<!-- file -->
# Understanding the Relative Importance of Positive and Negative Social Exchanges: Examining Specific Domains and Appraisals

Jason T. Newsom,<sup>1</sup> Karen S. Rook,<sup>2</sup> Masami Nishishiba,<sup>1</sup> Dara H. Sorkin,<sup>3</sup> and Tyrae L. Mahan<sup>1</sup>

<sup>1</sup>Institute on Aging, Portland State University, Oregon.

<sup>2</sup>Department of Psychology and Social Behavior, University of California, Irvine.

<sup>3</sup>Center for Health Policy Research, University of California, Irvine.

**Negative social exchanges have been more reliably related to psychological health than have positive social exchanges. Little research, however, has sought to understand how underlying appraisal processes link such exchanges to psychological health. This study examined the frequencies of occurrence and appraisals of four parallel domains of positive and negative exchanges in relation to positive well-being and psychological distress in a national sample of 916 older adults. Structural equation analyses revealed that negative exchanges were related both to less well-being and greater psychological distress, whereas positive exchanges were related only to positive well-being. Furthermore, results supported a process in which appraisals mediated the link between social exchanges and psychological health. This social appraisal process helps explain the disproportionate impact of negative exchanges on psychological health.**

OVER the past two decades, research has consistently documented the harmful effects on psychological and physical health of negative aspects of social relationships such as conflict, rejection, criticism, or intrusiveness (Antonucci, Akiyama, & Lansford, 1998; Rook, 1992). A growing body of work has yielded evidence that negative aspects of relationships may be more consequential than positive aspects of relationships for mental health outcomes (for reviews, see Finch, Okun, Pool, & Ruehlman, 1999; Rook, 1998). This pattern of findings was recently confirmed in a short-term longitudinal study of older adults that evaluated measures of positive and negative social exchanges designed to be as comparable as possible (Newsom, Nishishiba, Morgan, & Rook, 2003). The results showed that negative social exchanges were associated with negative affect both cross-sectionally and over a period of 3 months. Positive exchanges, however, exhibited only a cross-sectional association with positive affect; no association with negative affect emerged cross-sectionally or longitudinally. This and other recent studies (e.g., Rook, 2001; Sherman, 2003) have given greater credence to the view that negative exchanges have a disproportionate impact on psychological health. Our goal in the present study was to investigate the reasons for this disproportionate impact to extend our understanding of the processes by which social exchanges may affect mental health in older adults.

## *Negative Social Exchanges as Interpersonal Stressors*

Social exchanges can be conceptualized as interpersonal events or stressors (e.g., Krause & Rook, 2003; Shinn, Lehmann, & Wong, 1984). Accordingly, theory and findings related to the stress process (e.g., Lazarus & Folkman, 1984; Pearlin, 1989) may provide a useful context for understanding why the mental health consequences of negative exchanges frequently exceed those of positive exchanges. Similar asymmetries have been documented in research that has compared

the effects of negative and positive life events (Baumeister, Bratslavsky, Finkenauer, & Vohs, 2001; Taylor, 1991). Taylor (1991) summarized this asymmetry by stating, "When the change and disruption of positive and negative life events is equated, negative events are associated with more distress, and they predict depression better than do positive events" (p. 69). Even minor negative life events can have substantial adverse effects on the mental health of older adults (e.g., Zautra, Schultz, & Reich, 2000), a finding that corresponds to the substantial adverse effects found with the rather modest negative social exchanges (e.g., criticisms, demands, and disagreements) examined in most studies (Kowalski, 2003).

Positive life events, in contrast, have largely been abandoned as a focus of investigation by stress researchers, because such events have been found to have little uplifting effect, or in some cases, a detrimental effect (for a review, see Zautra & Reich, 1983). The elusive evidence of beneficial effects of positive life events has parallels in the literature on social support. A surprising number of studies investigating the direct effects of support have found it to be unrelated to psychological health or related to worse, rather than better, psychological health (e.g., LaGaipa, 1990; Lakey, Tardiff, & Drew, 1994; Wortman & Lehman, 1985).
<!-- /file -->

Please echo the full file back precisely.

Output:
# Understanding the Relative Importance of Positive and Negative Social Exchanges: Examining Specific Domains and Appraisals

Jason T. Newsom,<sup>1</sup> Karen S. Rook,<sup>2</sup> Masami Nishishiba,<sup>1</sup> Dara H. Sorkin,<sup>3</sup> and Tyrae L. Mahan<sup>1</sup>

<sup>1</sup>Institute on Aging, Portland State University, Oregon.

<sup>2</sup>Department of Psychology and Social Behavior, University of California, Irvine.

<sup>3</sup>Center for Health Policy Research, University of California, Irvine.

**Negative social exchanges have been more reliably related to psychological health than have positive social exchanges. Little research, however, has sought to understand how underlying appraisal processes link such exchanges to psychological health. This study examined the frequencies of occurrence and appraisals of four parallel domains of positive and negative exchanges in relation to positive well-being and psychological distress in a national sample of 916 older adults. Structural equation analyses revealed that negative exchanges were related both to less well-being and greater psychological distress, whereas positive exchanges were related only to positive well-being. Furthermore, results supported a process in which appraisals mediated the link between social exchanges and psychological health. This social appraisal process helps explain the disproportionate impact of negative exchanges on psychological health.**

OVER the past two decades, research has consistently documented the harmful effects on psychological and physical health of negative aspects of social relationships such as conflict, rejection, criticism, or intrusiveness (Antonucci, Akiyama, & Lansford, 1998; Rook, 1992). A growing body of work has yielded evidence that negative aspects of relationships may be more consequential than positive aspects of relationships for mental health outcomes (for reviews, see Finch, Okun, Pool, & Ruehlman, 1999; Rook, 1998). This pattern of findings was recently confirmed in a short-term longitudinal study of older adults that evaluated measures of positive and negative social exchanges designed to be as comparable as possible (Newsom, Nishishiba, Morgan, & Rook, 2003). The results showed that negative social exchanges were associated with negative affect both cross-sectionally and over a period of 3 months. Positive exchanges, however, exhibited only a cross-sectional association with positive affect; no association with negative affect emerged cross-sectionally or longitudinally. This and other recent studies (e.g., Rook, 2001; Sherman, 2003) have given greater credence to the view that negative exchanges have a disproportionate impact on psychological health. Our goal in the present study was to investigate the reasons for this disproportionate impact to extend our understanding of the processes by which social exchanges may affect mental health in older adults.

## *Negative Social Exchanges as Interpersonal Stressors*

Social exchanges can be conceptualized as interpersonal events or stressors (e.g., Krause & Rook, 2003; Shinn, Lehmann, & Wong, 1984). Accordingly, theory and findings related to the stress process (e.g., Lazarus & Folkman, 1984; Pearlin, 1989) may provide a useful context for understanding why the mental health consequences of negative exchanges frequently exceed those of positive exchanges. Similar asymmetries have been documented in research that has compared

the effects of negative and positive life events (Baumeister, Bratslavsky, Finkenauer, & Vohs, 2001; Taylor, 1991). Taylor (1991) summarized this asymmetry by stating, "When the change and disruption of positive and negative life events is equated, negative events are associated with more distress, and they predict depression better than do positive events" (p. 69). Even minor negative life events can have substantial adverse effects on the mental health of older adults (e.g., Zautra, Schultz, & Reich, 2000), a finding that corresponds to the substantial adverse effects found with the rather modest negative social exchanges (e.g., criticisms, demands, and disagreements) examined in most studies (Kowalski, 2003).

Positive life events, in contrast, have largely been abandoned as a focus of investigation by stress researchers, because such events have been found to have little uplifting effect, or in some cases, a detrimental effect (for a review, see Zautra & Reich, 1983). The elusive evidence of beneficial effects of positive life events has parallels in the literature on social support. A surprising number of studies investigating the direct effects of support have found it to be unrelated to psychological health or related to worse, rather than better, psychological health (e.g., LaGaipa, 1990; Lakey, Tardiff, & Drew, 1994; Wortman & Lehman, 1985).